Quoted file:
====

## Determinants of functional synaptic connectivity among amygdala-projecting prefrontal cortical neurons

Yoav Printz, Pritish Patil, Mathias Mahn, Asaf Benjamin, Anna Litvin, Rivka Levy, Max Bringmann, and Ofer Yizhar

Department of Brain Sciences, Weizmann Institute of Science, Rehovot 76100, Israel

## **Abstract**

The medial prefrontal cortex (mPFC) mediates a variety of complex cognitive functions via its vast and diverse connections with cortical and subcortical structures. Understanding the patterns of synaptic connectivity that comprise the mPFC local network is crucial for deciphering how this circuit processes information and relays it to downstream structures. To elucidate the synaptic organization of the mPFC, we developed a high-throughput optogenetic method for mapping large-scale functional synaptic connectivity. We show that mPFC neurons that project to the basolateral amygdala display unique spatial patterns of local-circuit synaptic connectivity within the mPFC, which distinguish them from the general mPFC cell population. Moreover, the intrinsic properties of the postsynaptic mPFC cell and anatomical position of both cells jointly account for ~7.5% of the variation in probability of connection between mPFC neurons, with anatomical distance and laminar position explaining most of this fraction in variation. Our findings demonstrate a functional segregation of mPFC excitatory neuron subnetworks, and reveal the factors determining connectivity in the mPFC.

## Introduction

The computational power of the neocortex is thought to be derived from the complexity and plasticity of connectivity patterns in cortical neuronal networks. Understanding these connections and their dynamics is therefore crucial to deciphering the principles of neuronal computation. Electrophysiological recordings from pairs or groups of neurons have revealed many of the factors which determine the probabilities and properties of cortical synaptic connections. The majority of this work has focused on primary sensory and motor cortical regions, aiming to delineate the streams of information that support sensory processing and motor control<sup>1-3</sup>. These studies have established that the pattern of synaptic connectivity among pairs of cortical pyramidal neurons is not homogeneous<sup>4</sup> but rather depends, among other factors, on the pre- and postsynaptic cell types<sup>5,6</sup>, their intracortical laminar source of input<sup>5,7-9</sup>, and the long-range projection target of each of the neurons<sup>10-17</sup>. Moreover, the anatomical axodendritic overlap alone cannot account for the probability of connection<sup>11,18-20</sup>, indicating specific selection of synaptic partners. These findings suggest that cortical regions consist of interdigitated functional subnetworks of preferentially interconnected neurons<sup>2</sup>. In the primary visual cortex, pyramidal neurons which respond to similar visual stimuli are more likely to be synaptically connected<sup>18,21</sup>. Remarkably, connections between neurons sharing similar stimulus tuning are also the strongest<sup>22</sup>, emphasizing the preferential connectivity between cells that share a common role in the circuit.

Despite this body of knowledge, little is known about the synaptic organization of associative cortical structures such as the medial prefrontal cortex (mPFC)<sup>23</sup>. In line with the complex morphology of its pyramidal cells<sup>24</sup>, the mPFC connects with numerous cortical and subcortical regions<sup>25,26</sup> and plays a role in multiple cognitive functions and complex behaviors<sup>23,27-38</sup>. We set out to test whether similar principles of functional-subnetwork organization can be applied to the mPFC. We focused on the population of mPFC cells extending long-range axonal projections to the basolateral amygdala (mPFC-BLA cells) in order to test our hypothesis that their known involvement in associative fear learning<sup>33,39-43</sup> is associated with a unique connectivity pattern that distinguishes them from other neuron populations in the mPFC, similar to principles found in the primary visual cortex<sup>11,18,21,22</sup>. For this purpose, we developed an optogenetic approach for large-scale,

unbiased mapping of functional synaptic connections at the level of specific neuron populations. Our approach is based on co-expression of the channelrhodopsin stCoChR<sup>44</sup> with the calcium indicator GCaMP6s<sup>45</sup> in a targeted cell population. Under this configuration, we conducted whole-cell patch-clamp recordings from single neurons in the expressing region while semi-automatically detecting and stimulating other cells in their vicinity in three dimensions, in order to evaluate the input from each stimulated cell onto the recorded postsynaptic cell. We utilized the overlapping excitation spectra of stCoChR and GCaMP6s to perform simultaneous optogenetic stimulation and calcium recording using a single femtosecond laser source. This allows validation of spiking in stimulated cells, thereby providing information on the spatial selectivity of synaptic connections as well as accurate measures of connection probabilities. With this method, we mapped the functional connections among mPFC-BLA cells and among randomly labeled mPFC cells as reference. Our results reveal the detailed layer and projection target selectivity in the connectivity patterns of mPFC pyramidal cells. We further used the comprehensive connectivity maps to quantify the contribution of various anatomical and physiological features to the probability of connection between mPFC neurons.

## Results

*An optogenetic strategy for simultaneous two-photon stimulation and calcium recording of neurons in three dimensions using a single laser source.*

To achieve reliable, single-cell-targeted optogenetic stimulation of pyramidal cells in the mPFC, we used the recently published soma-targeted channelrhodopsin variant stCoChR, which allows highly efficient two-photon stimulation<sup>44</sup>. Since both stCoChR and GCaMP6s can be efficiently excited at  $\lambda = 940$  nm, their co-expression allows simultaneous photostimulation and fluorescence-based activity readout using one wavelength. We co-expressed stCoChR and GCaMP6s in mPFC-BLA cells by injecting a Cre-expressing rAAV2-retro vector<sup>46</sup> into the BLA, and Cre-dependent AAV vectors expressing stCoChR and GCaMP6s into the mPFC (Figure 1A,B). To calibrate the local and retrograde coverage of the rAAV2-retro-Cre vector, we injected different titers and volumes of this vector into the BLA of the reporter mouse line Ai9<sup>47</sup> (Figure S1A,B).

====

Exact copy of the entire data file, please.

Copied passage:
## Determinants of functional synaptic connectivity among amygdala-projecting prefrontal cortical neurons

Yoav Printz, Pritish Patil, Mathias Mahn, Asaf Benjamin, Anna Litvin, Rivka Levy, Max Bringmann, and Ofer Yizhar

Department of Brain Sciences, Weizmann Institute of Science, Rehovot 76100, Israel

## **Abstract**

The medial prefrontal cortex (mPFC) mediates a variety of complex cognitive functions via its vast and diverse connections with cortical and subcortical structures. Understanding the patterns of synaptic connectivity that comprise the mPFC local network is crucial for deciphering how this circuit processes information and relays it to downstream structures. To elucidate the synaptic organization of the mPFC, we developed a high-throughput optogenetic method for mapping large-scale functional synaptic connectivity. We show that mPFC neurons that project to the basolateral amygdala display unique spatial patterns of local-circuit synaptic connectivity within the mPFC, which distinguish them from the general mPFC cell population. Moreover, the intrinsic properties of the postsynaptic mPFC cell and anatomical position of both cells jointly account for ~7.5% of the variation in probability of connection between mPFC neurons, with anatomical distance and laminar position explaining most of this fraction in variation. Our findings demonstrate a functional segregation of mPFC excitatory neuron subnetworks, and reveal the factors determining connectivity in the mPFC.

## Introduction

The computational power of the neocortex is thought to be derived from the complexity and plasticity of connectivity patterns in cortical neuronal networks. Understanding these connections and their dynamics is therefore crucial to deciphering the principles of neuronal computation. Electrophysiological recordings from pairs or groups of neurons have revealed many of the factors which determine the probabilities and properties of cortical synaptic connections. The majority of this work has focused on primary sensory and motor cortical regions, aiming to delineate the streams of information that support sensory processing and motor control<sup>1-3</sup>. These studies have established that the pattern of synaptic connectivity among pairs of cortical pyramidal neurons is not homogeneous<sup>4</sup> but rather depends, among other factors, on the pre- and postsynaptic cell types<sup>5,6</sup>, their intracortical laminar source of input<sup>5,7-9</sup>, and the long-range projection target of each of the neurons<sup>10-17</sup>. Moreover, the anatomical axodendritic overlap alone cannot account for the probability of connection<sup>11,18-20</sup>, indicating specific selection of synaptic partners. These findings suggest that cortical regions consist of interdigitated functional subnetworks of preferentially interconnected neurons<sup>2</sup>. In the primary visual cortex, pyramidal neurons which respond to similar visual stimuli are more likely to be synaptically connected<sup>18,21</sup>. Remarkably, connections between neurons sharing similar stimulus tuning are also the strongest<sup>22</sup>, emphasizing the preferential connectivity between cells that share a common role in the circuit.

Despite this body of knowledge, little is known about the synaptic organization of associative cortical structures such as the medial prefrontal cortex (mPFC)<sup>23</sup>. In line with the complex morphology of its pyramidal cells<sup>24</sup>, the mPFC connects with numerous cortical and subcortical regions<sup>25,26</sup> and plays a role in multiple cognitive functions and complex behaviors<sup>23,27-38</sup>. We set out to test whether similar principles of functional-subnetwork organization can be applied to the mPFC. We focused on the population of mPFC cells extending long-range axonal projections to the basolateral amygdala (mPFC-BLA cells) in order to test our hypothesis that their known involvement in associative fear learning<sup>33,39-43</sup> is associated with a unique connectivity pattern that distinguishes them from other neuron populations in the mPFC, similar to principles found in the primary visual cortex<sup>11,18,21,22</sup>. For this purpose, we developed an optogenetic approach for large-scale,

unbiased mapping of functional synaptic connections at the level of specific neuron populations. Our approach is based on co-expression of the channelrhodopsin stCoChR<sup>44</sup> with the calcium indicator GCaMP6s<sup>45</sup> in a targeted cell population. Under this configuration, we conducted whole-cell patch-clamp recordings from single neurons in the expressing region while semi-automatically detecting and stimulating other cells in their vicinity in three dimensions, in order to evaluate the input from each stimulated cell onto the recorded postsynaptic cell. We utilized the overlapping excitation spectra of stCoChR and GCaMP6s to perform simultaneous optogenetic stimulation and calcium recording using a single femtosecond laser source. This allows validation of spiking in stimulated cells, thereby providing information on the spatial selectivity of synaptic connections as well as accurate measures of connection probabilities. With this method, we mapped the functional connections among mPFC-BLA cells and among randomly labeled mPFC cells as reference. Our results reveal the detailed layer and projection target selectivity in the connectivity patterns of mPFC pyramidal cells. We further used the comprehensive connectivity maps to quantify the contribution of various anatomical and physiological features to the probability of connection between mPFC neurons.

## Results

*An optogenetic strategy for simultaneous two-photon stimulation and calcium recording of neurons in three dimensions using a single laser source.*

To achieve reliable, single-cell-targeted optogenetic stimulation of pyramidal cells in the mPFC, we used the recently published soma-targeted channelrhodopsin variant stCoChR, which allows highly efficient two-photon stimulation<sup>44</sup>. Since both stCoChR and GCaMP6s can be efficiently excited at  $\lambda = 940$  nm, their co-expression allows simultaneous photostimulation and fluorescence-based activity readout using one wavelength. We co-expressed stCoChR and GCaMP6s in mPFC-BLA cells by injecting a Cre-expressing rAAV2-retro vector<sup>46</sup> into the BLA, and Cre-dependent AAV vectors expressing stCoChR and GCaMP6s into the mPFC (Figure 1A,B). To calibrate the local and retrograde coverage of the rAAV2-retro-Cre vector, we injected different titers and volumes of this vector into the BLA of the reporter mouse line Ai9<sup>47</sup> (Figure S1A,B).